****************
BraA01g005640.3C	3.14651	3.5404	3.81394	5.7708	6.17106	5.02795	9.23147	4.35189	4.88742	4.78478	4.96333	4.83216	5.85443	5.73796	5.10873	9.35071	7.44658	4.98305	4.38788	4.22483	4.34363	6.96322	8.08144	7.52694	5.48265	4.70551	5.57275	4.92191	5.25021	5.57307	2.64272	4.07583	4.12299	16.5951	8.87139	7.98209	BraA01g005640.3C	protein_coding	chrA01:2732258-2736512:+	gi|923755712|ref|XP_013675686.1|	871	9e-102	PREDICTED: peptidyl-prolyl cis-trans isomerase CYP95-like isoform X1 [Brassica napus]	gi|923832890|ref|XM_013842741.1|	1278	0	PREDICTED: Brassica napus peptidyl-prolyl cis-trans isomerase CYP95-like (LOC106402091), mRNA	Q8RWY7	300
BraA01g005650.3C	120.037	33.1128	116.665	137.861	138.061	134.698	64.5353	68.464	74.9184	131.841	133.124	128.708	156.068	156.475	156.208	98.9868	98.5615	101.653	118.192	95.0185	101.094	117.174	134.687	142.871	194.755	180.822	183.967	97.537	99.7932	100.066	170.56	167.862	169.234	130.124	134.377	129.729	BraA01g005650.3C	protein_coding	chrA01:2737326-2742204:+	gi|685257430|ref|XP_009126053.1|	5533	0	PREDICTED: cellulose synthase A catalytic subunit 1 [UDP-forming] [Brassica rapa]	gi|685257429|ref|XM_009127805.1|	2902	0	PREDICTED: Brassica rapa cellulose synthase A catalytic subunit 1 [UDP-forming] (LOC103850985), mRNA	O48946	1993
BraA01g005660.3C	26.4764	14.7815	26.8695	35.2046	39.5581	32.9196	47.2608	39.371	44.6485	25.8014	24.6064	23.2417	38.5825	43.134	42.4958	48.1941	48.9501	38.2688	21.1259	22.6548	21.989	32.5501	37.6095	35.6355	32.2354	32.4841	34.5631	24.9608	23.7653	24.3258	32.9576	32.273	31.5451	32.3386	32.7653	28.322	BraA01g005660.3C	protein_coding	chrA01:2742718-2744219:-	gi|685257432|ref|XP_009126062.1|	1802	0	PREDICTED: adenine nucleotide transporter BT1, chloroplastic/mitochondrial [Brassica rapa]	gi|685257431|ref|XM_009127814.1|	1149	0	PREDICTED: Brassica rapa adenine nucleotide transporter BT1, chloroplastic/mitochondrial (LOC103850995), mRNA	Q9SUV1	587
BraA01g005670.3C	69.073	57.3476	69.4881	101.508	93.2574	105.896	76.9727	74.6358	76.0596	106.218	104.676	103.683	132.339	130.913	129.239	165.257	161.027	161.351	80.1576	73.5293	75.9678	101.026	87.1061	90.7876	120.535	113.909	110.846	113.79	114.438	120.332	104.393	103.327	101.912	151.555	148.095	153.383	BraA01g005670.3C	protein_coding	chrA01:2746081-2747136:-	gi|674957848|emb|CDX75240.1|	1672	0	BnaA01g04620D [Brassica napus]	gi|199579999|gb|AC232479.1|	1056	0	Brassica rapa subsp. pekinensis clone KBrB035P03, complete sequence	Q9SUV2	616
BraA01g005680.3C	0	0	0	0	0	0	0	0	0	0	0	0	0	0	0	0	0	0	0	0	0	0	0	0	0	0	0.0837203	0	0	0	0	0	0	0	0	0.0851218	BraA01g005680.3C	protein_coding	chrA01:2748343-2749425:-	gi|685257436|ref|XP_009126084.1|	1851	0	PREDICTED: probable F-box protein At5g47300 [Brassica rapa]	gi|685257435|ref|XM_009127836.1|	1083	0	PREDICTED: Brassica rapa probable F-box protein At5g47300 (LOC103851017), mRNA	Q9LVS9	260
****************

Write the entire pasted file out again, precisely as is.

BraA01g005640.3C	3.14651	3.5404	3.81394	5.7708	6.17106	5.02795	9.23147	4.35189	4.88742	4.78478	4.96333	4.83216	5.85443	5.73796	5.10873	9.35071	7.44658	4.98305	4.38788	4.22483	4.34363	6.96322	8.08144	7.52694	5.48265	4.70551	5.57275	4.92191	5.25021	5.57307	2.64272	4.07583	4.12299	16.5951	8.87139	7.98209	BraA01g005640.3C	protein_coding	chrA01:2732258-2736512:+	gi|923755712|ref|XP_013675686.1|	871	9e-102	PREDICTED: peptidyl-prolyl cis-trans isomerase CYP95-like isoform X1 [Brassica napus]	gi|923832890|ref|XM_013842741.1|	1278	0	PREDICTED: Brassica napus peptidyl-prolyl cis-trans isomerase CYP95-like (LOC106402091), mRNA	Q8RWY7	300
BraA01g005650.3C	120.037	33.1128	116.665	137.861	138.061	134.698	64.5353	68.464	74.9184	131.841	133.124	128.708	156.068	156.475	156.208	98.9868	98.5615	101.653	118.192	95.0185	101.094	117.174	134.687	142.871	194.755	180.822	183.967	97.537	99.7932	100.066	170.56	167.862	169.234	130.124	134.377	129.729	BraA01g005650.3C	protein_coding	chrA01:2737326-2742204:+	gi|685257430|ref|XP_009126053.1|	5533	0	PREDICTED: cellulose synthase A catalytic subunit 1 [UDP-forming] [Brassica rapa]	gi|685257429|ref|XM_009127805.1|	2902	0	PREDICTED: Brassica rapa cellulose synthase A catalytic subunit 1 [UDP-forming] (LOC103850985), mRNA	O48946	1993
BraA01g005660.3C	26.4764	14.7815	26.8695	35.2046	39.5581	32.9196	47.2608	39.371	44.6485	25.8014	24.6064	23.2417	38.5825	43.134	42.4958	48.1941	48.9501	38.2688	21.1259	22.6548	21.989	32.5501	37.6095	35.6355	32.2354	32.4841	34.5631	24.9608	23.7653	24.3258	32.9576	32.273	31.5451	32.3386	32.7653	28.322	BraA01g005660.3C	protein_coding	chrA01:2742718-2744219:-	gi|685257432|ref|XP_009126062.1|	1802	0	PREDICTED: adenine nucleotide transporter BT1, chloroplastic/mitochondrial [Brassica rapa]	gi|685257431|ref|XM_009127814.1|	1149	0	PREDICTED: Brassica rapa adenine nucleotide transporter BT1, chloroplastic/mitochondrial (LOC103850995), mRNA	Q9SUV1	587
BraA01g005670.3C	69.073	57.3476	69.4881	101.508	93.2574	105.896	76.9727	74.6358	76.0596	106.218	104.676	103.683	132.339	130.913	129.239	165.257	161.027	161.351	80.1576	73.5293	75.9678	101.026	87.1061	90.7876	120.535	113.909	110.846	113.79	114.438	120.332	104.393	103.327	101.912	151.555	148.095	153.383	BraA01g005670.3C	protein_coding	chrA01:2746081-2747136:-	gi|674957848|emb|CDX75240.1|	1672	0	BnaA01g04620D [Brassica napus]	gi|199579999|gb|AC232479.1|	1056	0	Brassica rapa subsp. pekinensis clone KBrB035P03, complete sequence	Q9SUV2	616
BraA01g005680.3C	0	0	0	0	0	0	0	0	0	0	0	0	0	0	0	0	0	0	0	0	0	0	0	0	0	0	0.0837203	0	0	0	0	0	0	0	0	0.0851218	BraA01g005680.3C	protein_coding	chrA01:2748343-2749425:-	gi|685257436|ref|XP_009126084.1|	1851	0	PREDICTED: probable F-box protein At5g47300 [Brassica rapa]	gi|685257435|ref|XM_009127836.1|	1083	0	PREDICTED: Brassica rapa probable F-box protein At5g47300 (LOC103851017), mRNA	Q9LVS9	260